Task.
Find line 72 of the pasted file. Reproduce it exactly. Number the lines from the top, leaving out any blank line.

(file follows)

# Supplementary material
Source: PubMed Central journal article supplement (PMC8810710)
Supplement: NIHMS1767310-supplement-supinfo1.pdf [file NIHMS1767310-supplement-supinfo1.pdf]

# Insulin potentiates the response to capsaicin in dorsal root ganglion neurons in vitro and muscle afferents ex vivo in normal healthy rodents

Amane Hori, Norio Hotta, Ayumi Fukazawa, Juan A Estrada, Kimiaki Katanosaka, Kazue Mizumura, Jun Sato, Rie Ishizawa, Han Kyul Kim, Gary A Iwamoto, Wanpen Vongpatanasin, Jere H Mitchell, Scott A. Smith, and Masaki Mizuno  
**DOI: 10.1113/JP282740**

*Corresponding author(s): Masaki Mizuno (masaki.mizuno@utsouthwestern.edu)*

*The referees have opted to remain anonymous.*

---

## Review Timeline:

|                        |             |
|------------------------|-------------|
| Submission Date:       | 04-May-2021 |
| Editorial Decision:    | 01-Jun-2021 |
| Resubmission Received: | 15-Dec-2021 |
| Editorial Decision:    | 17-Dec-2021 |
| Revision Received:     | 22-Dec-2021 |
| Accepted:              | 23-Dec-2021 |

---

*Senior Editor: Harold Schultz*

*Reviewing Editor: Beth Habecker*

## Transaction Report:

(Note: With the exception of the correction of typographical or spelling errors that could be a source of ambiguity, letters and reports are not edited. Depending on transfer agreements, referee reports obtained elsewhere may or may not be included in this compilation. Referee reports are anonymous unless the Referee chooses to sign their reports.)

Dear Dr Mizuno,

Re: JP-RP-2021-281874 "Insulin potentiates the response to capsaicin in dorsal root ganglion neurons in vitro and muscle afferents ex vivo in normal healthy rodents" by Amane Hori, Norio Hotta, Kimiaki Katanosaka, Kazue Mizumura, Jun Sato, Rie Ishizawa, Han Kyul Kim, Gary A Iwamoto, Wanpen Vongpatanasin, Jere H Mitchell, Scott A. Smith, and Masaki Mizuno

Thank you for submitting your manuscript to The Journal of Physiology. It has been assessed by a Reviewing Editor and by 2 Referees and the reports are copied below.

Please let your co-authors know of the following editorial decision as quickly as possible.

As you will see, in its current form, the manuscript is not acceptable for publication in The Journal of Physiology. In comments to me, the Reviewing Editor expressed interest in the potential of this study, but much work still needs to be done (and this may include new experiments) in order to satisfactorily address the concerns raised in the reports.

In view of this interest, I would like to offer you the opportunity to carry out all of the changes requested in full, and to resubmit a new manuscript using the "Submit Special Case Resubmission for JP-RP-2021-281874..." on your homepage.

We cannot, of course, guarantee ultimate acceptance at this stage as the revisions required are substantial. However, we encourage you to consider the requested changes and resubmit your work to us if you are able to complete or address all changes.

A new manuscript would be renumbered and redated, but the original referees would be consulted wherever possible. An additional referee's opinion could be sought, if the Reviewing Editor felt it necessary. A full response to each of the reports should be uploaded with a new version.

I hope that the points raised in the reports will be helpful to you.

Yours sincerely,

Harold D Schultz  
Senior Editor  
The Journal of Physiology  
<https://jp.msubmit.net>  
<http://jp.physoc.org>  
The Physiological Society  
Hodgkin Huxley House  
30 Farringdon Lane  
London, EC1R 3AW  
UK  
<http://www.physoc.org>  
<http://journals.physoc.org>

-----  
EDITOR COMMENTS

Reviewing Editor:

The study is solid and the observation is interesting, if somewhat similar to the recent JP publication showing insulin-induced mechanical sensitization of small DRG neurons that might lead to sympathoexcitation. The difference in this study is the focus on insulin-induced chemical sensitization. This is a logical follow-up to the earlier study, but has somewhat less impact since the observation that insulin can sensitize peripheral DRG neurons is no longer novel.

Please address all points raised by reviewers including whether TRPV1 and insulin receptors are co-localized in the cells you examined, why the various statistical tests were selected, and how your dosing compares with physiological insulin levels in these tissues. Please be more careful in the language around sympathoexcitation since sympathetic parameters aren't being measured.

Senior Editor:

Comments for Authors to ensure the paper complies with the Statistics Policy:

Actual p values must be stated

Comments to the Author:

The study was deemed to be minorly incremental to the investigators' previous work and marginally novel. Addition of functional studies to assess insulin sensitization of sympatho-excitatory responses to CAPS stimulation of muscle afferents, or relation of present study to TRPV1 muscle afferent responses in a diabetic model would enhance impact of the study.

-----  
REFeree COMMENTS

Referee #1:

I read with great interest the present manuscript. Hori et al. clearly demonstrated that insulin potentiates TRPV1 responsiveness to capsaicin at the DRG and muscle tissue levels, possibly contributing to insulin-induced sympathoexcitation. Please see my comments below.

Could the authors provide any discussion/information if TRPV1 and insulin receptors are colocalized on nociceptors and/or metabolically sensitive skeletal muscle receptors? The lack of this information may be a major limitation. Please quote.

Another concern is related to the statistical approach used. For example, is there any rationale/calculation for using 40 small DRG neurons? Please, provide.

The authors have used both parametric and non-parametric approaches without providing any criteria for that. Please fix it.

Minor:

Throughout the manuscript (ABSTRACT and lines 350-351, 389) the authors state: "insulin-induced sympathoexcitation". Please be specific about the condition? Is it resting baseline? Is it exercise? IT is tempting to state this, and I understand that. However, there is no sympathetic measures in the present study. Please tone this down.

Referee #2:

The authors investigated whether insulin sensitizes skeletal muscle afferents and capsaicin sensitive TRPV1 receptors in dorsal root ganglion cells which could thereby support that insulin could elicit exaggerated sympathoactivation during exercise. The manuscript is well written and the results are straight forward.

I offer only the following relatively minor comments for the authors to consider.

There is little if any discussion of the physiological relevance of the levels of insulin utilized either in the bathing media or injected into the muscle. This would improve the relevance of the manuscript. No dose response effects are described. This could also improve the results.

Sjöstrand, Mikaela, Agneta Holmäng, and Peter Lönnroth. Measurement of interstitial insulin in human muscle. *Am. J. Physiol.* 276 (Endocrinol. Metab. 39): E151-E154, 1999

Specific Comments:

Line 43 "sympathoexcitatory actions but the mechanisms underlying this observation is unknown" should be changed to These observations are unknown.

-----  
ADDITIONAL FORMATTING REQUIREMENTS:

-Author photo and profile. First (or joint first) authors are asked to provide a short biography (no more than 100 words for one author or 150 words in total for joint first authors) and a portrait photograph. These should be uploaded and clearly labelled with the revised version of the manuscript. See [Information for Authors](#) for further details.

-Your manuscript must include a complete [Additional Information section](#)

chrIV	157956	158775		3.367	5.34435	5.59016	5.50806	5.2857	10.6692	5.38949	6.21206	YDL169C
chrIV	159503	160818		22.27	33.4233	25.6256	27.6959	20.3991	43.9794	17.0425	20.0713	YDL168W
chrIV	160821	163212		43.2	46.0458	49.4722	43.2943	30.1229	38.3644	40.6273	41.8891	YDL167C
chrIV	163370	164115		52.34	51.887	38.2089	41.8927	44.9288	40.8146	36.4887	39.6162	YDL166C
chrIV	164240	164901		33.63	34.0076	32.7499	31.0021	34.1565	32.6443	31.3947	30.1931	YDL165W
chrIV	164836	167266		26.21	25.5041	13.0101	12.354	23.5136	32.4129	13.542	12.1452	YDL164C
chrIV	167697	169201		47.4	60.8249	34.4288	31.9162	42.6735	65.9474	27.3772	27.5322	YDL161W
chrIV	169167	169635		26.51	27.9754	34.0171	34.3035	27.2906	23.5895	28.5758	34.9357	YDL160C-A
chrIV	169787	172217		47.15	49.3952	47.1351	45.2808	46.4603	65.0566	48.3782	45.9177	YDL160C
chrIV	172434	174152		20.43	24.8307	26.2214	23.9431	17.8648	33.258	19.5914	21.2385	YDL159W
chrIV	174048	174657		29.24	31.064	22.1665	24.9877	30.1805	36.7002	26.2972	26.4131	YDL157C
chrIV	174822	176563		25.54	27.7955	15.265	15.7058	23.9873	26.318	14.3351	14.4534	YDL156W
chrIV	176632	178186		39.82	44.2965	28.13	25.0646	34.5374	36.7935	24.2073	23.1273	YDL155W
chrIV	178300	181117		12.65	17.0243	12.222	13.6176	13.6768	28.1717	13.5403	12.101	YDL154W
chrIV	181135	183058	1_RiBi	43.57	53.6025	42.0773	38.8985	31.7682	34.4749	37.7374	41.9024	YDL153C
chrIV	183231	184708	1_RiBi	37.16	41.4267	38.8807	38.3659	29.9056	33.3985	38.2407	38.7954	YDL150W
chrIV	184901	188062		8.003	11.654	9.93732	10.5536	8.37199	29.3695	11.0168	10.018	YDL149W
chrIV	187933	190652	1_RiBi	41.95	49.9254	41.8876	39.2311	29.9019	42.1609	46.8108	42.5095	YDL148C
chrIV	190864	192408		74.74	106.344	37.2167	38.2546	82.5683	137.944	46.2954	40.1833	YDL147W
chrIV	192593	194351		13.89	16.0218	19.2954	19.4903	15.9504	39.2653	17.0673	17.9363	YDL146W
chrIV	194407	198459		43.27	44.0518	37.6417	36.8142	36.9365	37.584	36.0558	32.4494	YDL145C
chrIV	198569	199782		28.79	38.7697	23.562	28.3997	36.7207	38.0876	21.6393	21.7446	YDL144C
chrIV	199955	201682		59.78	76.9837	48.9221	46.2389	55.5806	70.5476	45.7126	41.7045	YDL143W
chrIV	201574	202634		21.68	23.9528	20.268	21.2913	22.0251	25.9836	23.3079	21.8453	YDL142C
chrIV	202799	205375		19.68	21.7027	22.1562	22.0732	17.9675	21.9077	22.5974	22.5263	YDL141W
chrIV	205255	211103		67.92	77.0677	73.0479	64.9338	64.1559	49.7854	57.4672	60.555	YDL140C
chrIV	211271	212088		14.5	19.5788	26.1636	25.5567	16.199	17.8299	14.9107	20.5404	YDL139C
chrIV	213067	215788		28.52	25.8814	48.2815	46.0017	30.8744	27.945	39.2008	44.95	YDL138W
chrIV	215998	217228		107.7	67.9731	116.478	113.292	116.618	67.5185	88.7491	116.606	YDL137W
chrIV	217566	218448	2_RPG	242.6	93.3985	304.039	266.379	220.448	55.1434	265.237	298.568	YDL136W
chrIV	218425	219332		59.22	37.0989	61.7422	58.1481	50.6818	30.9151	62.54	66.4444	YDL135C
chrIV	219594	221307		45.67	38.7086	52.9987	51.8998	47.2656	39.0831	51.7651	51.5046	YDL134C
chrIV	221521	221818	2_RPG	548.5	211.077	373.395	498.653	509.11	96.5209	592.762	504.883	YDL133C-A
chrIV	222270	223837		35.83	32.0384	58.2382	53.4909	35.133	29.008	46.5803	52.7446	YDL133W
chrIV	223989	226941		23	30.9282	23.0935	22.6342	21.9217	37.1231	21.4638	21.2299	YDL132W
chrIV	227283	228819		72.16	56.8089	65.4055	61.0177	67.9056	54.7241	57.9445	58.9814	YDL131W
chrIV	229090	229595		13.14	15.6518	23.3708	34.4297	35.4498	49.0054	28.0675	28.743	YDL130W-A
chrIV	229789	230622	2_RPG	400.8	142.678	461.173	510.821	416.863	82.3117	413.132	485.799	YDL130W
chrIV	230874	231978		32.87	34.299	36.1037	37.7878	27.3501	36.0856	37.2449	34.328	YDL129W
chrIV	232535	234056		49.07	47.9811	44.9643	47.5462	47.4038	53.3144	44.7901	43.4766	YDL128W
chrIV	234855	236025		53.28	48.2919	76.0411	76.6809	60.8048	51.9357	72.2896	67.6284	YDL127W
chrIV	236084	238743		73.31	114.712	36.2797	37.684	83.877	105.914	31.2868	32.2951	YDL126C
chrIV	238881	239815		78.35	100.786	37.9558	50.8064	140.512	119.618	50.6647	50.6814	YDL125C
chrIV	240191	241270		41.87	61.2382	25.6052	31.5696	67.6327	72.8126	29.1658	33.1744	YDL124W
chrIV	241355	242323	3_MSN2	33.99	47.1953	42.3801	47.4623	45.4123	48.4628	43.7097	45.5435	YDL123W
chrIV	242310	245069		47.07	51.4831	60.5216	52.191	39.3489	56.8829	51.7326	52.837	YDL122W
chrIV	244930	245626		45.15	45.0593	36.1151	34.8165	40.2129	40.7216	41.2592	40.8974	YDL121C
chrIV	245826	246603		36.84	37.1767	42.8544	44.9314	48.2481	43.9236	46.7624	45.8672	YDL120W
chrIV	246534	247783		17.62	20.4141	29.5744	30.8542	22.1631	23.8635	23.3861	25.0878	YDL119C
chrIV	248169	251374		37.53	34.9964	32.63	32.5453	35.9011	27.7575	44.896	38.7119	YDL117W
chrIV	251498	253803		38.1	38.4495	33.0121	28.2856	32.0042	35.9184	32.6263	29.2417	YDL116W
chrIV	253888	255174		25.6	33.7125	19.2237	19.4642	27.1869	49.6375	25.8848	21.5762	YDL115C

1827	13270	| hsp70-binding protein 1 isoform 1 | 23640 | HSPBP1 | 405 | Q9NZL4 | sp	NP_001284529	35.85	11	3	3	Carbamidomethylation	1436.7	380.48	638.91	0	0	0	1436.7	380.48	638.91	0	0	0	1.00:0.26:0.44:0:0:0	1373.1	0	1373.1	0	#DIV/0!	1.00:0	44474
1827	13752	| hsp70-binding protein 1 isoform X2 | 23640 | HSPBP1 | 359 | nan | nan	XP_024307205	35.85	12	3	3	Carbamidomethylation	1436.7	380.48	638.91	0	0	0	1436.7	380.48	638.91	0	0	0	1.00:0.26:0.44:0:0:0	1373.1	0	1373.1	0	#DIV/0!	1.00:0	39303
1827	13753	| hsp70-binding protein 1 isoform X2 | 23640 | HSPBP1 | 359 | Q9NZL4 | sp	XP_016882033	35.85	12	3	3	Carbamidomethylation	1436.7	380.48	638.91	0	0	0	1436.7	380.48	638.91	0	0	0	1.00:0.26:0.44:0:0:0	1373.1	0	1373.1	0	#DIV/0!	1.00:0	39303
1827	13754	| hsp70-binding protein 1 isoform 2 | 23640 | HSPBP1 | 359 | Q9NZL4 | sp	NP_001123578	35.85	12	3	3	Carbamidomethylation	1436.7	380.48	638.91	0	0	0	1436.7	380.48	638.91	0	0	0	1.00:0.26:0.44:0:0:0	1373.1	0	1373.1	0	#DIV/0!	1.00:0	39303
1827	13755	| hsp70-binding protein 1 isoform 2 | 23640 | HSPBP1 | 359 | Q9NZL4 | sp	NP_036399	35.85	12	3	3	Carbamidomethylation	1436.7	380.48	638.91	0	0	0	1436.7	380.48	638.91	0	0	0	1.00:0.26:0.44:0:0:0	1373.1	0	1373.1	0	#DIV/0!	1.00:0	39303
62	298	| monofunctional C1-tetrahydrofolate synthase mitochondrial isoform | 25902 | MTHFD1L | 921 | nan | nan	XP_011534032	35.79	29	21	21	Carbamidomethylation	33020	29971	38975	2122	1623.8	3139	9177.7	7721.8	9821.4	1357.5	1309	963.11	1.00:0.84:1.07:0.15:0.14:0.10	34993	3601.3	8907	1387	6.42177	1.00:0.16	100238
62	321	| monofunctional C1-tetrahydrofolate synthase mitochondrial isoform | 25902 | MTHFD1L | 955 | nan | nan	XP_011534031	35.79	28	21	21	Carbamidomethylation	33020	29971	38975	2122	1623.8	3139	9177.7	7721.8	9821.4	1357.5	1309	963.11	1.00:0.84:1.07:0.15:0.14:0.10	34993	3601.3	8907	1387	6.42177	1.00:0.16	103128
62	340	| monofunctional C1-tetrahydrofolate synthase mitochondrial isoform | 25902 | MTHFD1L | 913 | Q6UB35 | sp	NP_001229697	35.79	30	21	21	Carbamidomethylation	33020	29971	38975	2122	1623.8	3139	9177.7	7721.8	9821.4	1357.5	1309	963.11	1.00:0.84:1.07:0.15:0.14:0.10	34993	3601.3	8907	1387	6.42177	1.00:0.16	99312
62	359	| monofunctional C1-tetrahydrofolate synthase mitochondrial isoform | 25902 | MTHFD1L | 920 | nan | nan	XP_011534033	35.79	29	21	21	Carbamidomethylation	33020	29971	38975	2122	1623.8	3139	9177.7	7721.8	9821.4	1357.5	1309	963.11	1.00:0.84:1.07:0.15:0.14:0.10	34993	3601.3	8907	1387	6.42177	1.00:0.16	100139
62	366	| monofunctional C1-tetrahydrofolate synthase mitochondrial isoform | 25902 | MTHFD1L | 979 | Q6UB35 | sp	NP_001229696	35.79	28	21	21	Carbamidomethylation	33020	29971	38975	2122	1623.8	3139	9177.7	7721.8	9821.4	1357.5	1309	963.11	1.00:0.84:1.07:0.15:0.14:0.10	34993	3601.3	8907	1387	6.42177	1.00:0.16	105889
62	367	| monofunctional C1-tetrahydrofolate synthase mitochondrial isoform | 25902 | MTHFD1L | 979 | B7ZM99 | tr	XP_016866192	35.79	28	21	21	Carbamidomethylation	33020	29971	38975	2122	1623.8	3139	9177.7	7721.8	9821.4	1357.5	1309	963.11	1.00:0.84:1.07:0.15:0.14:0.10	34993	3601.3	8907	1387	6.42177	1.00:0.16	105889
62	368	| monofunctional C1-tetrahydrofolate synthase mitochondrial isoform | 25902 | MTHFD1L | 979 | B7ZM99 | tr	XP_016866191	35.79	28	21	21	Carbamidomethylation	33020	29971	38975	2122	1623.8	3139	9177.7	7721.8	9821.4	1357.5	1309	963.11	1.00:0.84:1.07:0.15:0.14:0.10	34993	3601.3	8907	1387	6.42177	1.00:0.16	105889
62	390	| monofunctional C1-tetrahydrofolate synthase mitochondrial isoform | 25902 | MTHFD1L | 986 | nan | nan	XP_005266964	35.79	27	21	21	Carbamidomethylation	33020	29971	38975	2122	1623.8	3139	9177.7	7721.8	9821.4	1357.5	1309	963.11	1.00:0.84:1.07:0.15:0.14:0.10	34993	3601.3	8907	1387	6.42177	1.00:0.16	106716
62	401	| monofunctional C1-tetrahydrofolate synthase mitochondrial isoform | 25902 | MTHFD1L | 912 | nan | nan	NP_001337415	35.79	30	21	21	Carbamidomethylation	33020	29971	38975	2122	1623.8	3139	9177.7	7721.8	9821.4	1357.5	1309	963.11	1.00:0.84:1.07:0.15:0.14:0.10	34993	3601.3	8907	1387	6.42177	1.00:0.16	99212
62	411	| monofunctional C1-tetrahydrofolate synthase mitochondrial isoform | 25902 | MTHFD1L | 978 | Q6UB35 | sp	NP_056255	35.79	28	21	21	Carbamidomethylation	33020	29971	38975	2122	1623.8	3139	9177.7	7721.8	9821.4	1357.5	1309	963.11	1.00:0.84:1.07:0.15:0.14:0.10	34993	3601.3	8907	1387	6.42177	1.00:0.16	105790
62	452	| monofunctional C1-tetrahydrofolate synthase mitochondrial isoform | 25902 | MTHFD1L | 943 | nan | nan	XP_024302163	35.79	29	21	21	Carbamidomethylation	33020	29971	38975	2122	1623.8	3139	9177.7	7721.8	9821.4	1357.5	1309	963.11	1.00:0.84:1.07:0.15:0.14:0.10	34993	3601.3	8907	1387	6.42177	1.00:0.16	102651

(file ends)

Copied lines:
-----  